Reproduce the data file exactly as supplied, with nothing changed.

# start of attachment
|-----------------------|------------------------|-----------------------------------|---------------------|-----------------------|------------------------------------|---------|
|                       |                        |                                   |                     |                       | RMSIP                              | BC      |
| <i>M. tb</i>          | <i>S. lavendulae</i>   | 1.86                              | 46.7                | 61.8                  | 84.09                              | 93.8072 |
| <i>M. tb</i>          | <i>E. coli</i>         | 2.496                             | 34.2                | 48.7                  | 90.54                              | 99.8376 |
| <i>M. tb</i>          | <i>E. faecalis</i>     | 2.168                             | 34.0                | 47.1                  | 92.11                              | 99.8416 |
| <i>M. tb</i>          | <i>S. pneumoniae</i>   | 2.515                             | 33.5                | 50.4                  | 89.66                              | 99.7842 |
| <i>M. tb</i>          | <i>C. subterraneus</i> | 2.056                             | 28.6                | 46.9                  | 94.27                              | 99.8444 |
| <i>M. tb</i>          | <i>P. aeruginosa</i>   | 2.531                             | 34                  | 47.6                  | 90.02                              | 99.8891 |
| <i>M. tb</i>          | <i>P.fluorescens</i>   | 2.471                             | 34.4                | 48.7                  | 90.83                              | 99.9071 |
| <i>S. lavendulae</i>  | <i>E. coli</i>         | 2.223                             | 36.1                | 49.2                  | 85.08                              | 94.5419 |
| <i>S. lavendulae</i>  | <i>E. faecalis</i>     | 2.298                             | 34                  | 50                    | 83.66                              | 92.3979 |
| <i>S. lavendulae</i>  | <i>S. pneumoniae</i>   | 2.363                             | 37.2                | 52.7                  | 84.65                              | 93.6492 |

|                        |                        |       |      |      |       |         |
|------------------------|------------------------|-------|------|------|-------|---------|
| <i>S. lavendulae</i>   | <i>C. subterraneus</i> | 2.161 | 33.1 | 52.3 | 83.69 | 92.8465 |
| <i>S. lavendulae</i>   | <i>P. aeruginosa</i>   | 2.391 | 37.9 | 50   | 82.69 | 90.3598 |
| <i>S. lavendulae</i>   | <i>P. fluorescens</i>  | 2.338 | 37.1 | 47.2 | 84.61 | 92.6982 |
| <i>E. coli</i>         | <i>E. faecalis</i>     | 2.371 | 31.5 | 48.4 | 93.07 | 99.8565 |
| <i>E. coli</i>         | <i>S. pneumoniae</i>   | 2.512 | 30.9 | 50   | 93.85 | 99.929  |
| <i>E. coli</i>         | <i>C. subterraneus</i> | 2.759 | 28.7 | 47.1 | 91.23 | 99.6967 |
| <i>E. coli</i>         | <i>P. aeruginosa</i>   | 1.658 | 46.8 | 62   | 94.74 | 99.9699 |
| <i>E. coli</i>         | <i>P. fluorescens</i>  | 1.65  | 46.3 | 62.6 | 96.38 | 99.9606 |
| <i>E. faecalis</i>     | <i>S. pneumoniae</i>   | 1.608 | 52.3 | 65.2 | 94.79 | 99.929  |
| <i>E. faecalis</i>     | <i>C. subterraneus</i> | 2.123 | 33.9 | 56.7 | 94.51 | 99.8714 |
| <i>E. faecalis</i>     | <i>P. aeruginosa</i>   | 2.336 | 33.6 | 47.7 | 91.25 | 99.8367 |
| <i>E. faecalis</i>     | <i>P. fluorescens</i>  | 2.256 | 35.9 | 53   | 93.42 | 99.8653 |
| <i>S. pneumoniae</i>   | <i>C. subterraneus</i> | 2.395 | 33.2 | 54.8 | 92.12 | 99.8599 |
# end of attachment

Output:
|-----------------------|------------------------|-----------------------------------|---------------------|-----------------------|------------------------------------|---------|
|                       |                        |                                   |                     |                       | RMSIP                              | BC      |
| <i>M. tb</i>          | <i>S. lavendulae</i>   | 1.86                              | 46.7                | 61.8                  | 84.09                              | 93.8072 |
| <i>M. tb</i>          | <i>E. coli</i>         | 2.496                             | 34.2                | 48.7                  | 90.54                              | 99.8376 |
| <i>M. tb</i>          | <i>E. faecalis</i>     | 2.168                             | 34.0                | 47.1                  | 92.11                              | 99.8416 |
| <i>M. tb</i>          | <i>S. pneumoniae</i>   | 2.515                             | 33.5                | 50.4                  | 89.66                              | 99.7842 |
| <i>M. tb</i>          | <i>C. subterraneus</i> | 2.056                             | 28.6                | 46.9                  | 94.27                              | 99.8444 |
| <i>M. tb</i>          | <i>P. aeruginosa</i>   | 2.531                             | 34                  | 47.6                  | 90.02                              | 99.8891 |
| <i>M. tb</i>          | <i>P.fluorescens</i>   | 2.471                             | 34.4                | 48.7                  | 90.83                              | 99.9071 |
| <i>S. lavendulae</i>  | <i>E. coli</i>         | 2.223                             | 36.1                | 49.2                  | 85.08                              | 94.5419 |
| <i>S. lavendulae</i>  | <i>E. faecalis</i>     | 2.298                             | 34                  | 50                    | 83.66                              | 92.3979 |
| <i>S. lavendulae</i>  | <i>S. pneumoniae</i>   | 2.363                             | 37.2                | 52.7                  | 84.65                              | 93.6492 |

|                        |                        |       |      |      |       |         |
|------------------------|------------------------|-------|------|------|-------|---------|
| <i>S. lavendulae</i>   | <i>C. subterraneus</i> | 2.161 | 33.1 | 52.3 | 83.69 | 92.8465 |
| <i>S. lavendulae</i>   | <i>P. aeruginosa</i>   | 2.391 | 37.9 | 50   | 82.69 | 90.3598 |
| <i>S. lavendulae</i>   | <i>P. fluorescens</i>  | 2.338 | 37.1 | 47.2 | 84.61 | 92.6982 |
| <i>E. coli</i>         | <i>E. faecalis</i>     | 2.371 | 31.5 | 48.4 | 93.07 | 99.8565 |
| <i>E. coli</i>         | <i>S. pneumoniae</i>   | 2.512 | 30.9 | 50   | 93.85 | 99.929  |
| <i>E. coli</i>         | <i>C. subterraneus</i> | 2.759 | 28.7 | 47.1 | 91.23 | 99.6967 |
| <i>E. coli</i>         | <i>P. aeruginosa</i>   | 1.658 | 46.8 | 62   | 94.74 | 99.9699 |
| <i>E. coli</i>         | <i>P. fluorescens</i>  | 1.65  | 46.3 | 62.6 | 96.38 | 99.9606 |
| <i>E. faecalis</i>     | <i>S. pneumoniae</i>   | 1.608 | 52.3 | 65.2 | 94.79 | 99.929  |
| <i>E. faecalis</i>     | <i>C. subterraneus</i> | 2.123 | 33.9 | 56.7 | 94.51 | 99.8714 |
| <i>E. faecalis</i>     | <i>P. aeruginosa</i>   | 2.336 | 33.6 | 47.7 | 91.25 | 99.8367 |
| <i>E. faecalis</i>     | <i>P. fluorescens</i>  | 2.256 | 35.9 | 53   | 93.42 | 99.8653 |
| <i>S. pneumoniae</i>   | <i>C. subterraneus</i> | 2.395 | 33.2 | 54.8 | 92.12 | 99.8599 |